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SOAPBERRY BORER

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Mexican Soapberry Borer: 
An exotic pest threatening western soapberry trees in Texas

A native of Mexico, the soapberry borer (Agrilus prionurus, Coleoptera: Buprestidae) first was reported in Travis County in 2003. Since then, it has been detected in 49 additional counties including near or within the cities of Austin, College Station, Corpus Christi, Dallas, Fort Worth,

 Drawing of the Soapberry tree

 Soapberry Tree Illustration

Houston and Waco (see map).

As the pest population expands rapidly in Texas, this insect is killing all sizes of soapberry trees larger than 2 inches in diameter. It may eventually threaten western soapberry populations throughout the tree’s range, which extends from northern Mexico to Missouri, and west to Arizona.

Leaves and fruit of western soapberry, a medium-sized, drought-hardy tree, resemble those of the invasive Chinaberry tree, but the leaves are not double compound and the leaflets do not have serrated (toothed) margins.

Soapberry borer infestations are similar to those of the emerald ash borer, Agrilus planipennis, another introduced pest that is killing thousands of ash trees in the Midwest. Fortunately the emerald ash borer, a close relative of the soapberry borer, has yet to be found in Texas.

Infested soapberry trees can be easily recognized by the exposed sapwood that results when birds and squirrels chip off the bark to feed on the larvae, leaving bark chips to accumulate at the base of the tree. A heavily-infested tree will be completely girdled by white larvae feeding beneath the bark. Infested trees will die back from the top and often produce abundant sprouts along the trunk. Trees may take up to three years to die, following the initial beetle attack.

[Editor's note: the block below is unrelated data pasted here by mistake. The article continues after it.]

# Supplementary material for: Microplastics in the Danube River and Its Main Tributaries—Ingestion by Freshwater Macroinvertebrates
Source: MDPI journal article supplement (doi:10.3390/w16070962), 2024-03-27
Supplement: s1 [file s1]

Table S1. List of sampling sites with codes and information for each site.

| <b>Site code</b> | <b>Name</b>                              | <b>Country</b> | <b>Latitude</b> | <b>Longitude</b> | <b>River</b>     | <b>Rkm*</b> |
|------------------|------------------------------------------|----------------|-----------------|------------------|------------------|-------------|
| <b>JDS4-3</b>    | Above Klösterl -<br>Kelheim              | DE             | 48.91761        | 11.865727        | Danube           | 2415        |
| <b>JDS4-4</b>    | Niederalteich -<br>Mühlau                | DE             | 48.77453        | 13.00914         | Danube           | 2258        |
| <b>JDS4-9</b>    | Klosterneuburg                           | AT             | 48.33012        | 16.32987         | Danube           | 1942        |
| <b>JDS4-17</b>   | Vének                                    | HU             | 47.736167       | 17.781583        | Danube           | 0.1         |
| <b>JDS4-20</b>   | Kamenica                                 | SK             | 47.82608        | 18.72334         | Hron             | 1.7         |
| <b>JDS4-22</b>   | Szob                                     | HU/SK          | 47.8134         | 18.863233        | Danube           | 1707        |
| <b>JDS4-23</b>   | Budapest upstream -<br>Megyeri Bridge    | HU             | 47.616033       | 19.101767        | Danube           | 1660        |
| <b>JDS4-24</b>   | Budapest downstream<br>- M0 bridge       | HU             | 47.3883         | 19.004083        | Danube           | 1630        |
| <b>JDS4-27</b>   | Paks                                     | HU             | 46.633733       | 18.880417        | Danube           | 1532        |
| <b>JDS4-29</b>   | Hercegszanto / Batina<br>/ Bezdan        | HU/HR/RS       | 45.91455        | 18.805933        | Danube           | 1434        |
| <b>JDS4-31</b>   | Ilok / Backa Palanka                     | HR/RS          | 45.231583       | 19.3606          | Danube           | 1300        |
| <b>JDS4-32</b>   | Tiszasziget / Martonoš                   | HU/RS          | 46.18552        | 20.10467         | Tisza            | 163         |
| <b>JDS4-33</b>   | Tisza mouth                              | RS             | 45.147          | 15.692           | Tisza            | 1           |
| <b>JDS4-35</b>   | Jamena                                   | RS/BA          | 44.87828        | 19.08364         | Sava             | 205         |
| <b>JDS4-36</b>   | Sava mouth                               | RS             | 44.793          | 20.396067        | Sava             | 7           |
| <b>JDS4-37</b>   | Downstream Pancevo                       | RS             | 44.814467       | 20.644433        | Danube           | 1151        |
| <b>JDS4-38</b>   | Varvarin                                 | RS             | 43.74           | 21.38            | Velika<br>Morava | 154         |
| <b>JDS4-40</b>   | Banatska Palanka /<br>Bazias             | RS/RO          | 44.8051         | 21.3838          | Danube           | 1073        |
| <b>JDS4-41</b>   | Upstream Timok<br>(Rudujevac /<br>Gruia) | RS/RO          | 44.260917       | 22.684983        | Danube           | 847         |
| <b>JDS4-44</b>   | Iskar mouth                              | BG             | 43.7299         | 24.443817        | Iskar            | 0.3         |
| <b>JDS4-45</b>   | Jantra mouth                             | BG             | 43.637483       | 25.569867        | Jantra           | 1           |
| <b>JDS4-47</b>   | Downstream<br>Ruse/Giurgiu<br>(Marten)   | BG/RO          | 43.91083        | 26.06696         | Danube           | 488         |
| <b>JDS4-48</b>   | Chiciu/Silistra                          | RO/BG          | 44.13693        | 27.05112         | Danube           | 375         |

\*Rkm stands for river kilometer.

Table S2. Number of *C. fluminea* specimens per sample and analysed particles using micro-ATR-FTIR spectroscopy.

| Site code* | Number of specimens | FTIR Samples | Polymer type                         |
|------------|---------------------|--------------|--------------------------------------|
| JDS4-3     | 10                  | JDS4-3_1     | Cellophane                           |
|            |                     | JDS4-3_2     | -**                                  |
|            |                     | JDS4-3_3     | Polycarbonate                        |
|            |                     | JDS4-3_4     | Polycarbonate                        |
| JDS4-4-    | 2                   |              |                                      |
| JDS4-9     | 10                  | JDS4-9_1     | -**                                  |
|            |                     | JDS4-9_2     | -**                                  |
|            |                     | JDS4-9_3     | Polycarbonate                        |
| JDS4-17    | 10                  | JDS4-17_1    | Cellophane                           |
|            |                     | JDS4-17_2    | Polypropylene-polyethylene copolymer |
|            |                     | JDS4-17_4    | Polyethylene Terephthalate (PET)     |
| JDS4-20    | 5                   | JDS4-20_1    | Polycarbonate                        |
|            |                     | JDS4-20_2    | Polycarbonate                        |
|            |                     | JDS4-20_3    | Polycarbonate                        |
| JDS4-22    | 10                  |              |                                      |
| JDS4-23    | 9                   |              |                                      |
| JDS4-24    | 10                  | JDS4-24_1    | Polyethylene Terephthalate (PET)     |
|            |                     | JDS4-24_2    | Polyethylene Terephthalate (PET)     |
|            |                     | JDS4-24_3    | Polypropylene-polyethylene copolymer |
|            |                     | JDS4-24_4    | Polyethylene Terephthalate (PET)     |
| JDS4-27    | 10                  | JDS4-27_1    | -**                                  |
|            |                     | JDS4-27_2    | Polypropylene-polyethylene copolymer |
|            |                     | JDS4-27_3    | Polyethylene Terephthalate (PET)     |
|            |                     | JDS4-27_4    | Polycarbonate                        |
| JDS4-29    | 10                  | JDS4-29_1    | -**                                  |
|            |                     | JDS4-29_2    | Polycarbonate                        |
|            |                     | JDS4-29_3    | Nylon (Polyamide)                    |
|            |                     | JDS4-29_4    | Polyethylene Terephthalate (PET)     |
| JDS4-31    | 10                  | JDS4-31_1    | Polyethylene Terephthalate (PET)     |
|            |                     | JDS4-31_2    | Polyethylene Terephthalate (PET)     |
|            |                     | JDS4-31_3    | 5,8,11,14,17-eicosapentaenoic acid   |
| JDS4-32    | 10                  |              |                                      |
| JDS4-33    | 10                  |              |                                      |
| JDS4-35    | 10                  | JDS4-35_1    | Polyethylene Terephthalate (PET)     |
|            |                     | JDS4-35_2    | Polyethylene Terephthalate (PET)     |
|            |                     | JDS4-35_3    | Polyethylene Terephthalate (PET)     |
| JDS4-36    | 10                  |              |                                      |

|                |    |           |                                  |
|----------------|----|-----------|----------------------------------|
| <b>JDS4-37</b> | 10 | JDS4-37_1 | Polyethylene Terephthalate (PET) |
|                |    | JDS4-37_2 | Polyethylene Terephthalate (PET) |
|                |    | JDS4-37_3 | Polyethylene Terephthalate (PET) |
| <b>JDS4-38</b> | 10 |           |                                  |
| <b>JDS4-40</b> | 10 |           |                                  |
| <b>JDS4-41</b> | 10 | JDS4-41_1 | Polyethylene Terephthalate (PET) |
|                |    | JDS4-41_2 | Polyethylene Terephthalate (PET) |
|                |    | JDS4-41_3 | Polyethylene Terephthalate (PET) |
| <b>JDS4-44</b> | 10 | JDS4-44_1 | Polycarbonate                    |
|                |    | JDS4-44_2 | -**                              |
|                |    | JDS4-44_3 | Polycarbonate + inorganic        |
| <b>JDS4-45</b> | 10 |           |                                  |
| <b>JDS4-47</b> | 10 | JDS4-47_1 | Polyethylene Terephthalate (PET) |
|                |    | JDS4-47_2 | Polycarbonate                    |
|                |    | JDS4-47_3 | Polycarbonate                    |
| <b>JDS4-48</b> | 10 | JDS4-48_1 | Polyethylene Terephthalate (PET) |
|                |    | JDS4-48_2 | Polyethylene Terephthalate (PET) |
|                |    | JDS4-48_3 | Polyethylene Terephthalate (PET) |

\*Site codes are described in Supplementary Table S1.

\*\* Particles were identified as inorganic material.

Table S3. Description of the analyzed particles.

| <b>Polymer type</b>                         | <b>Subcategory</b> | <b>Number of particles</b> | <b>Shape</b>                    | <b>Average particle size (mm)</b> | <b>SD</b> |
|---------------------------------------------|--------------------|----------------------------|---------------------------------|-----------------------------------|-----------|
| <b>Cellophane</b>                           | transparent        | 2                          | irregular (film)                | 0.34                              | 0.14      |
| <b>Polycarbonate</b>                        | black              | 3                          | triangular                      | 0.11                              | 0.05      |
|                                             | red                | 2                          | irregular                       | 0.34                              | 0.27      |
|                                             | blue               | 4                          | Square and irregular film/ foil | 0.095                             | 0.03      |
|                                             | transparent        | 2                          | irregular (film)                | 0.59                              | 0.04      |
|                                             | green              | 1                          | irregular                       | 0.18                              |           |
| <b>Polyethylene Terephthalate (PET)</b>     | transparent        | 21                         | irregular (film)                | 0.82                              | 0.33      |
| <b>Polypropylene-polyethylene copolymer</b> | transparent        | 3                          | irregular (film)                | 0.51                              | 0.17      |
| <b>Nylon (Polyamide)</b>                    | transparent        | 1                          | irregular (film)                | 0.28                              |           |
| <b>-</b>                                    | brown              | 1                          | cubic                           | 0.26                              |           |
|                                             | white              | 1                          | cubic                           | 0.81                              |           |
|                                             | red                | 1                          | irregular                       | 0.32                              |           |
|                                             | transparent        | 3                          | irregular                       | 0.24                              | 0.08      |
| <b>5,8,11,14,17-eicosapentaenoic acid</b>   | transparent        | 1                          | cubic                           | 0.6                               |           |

The adult beetle is about half an inch long, shiny black and distinctively marked with four small white spots on the wing covers. The white larvae are flat-headed wood borers that may attain an inch or more in length as they mature. After feeding beneath the bark, the larvae bore into the wood to complete development and to pupate. The adult leaves a D-shaped exit hole in the bark as it emerges. The insect appears to have no more than one generation per year, with adult beetles emerging from May through August.

Western soapberry appears to exhibit little resistance to this introduced pest. However, to protect high-value soapberries in your yard, conventional borer preventative treatments may be applied prior to insect attack. One product -- Bayer Advanced Tree and Shrub Insect Control, whic h contains imidacloprid, can be applied to the root zone. Follow directions on the label.

A new systemic insecticide, emamectin benzoate, sold by Syngenta Corporation under the trade name Tree-äge, is now available and may provide prolonged protection up to two years with a single trunk injection. Unlike the Bayer product, emamectin benzoate is a restricted use insecticide. It can only be purchased and applied by certified pesticide applicators. Systemic insecticides are most effective when applied to soapberry trees prior to beetle infestation, although chemical treatments may save trees in early stages of insect attack if the tree still has sufficient green foliage and bark loss is minimal. No other tree species appear to be attacked by this insect so treatment should be limited to soapberry trees.

For more information or to report new infestations, visit www.texasinvasives.org or contact Dr. Ron Billings at (979) 458-6650, rbillings@tfs.tamu.edu, or Joe Pase at (936) 639-8170, jpase@tfs.tamu.edu.

   
   

 Soapberry leaves and berries

Soapberry borer 

 Leaves and berries of the Soapberry tree  Adult Soapberry Borer

 
 

Soapberry Infestations

 Characteristic symptoms of Soapberry Borer infestationInfestation of the Soapberry Borer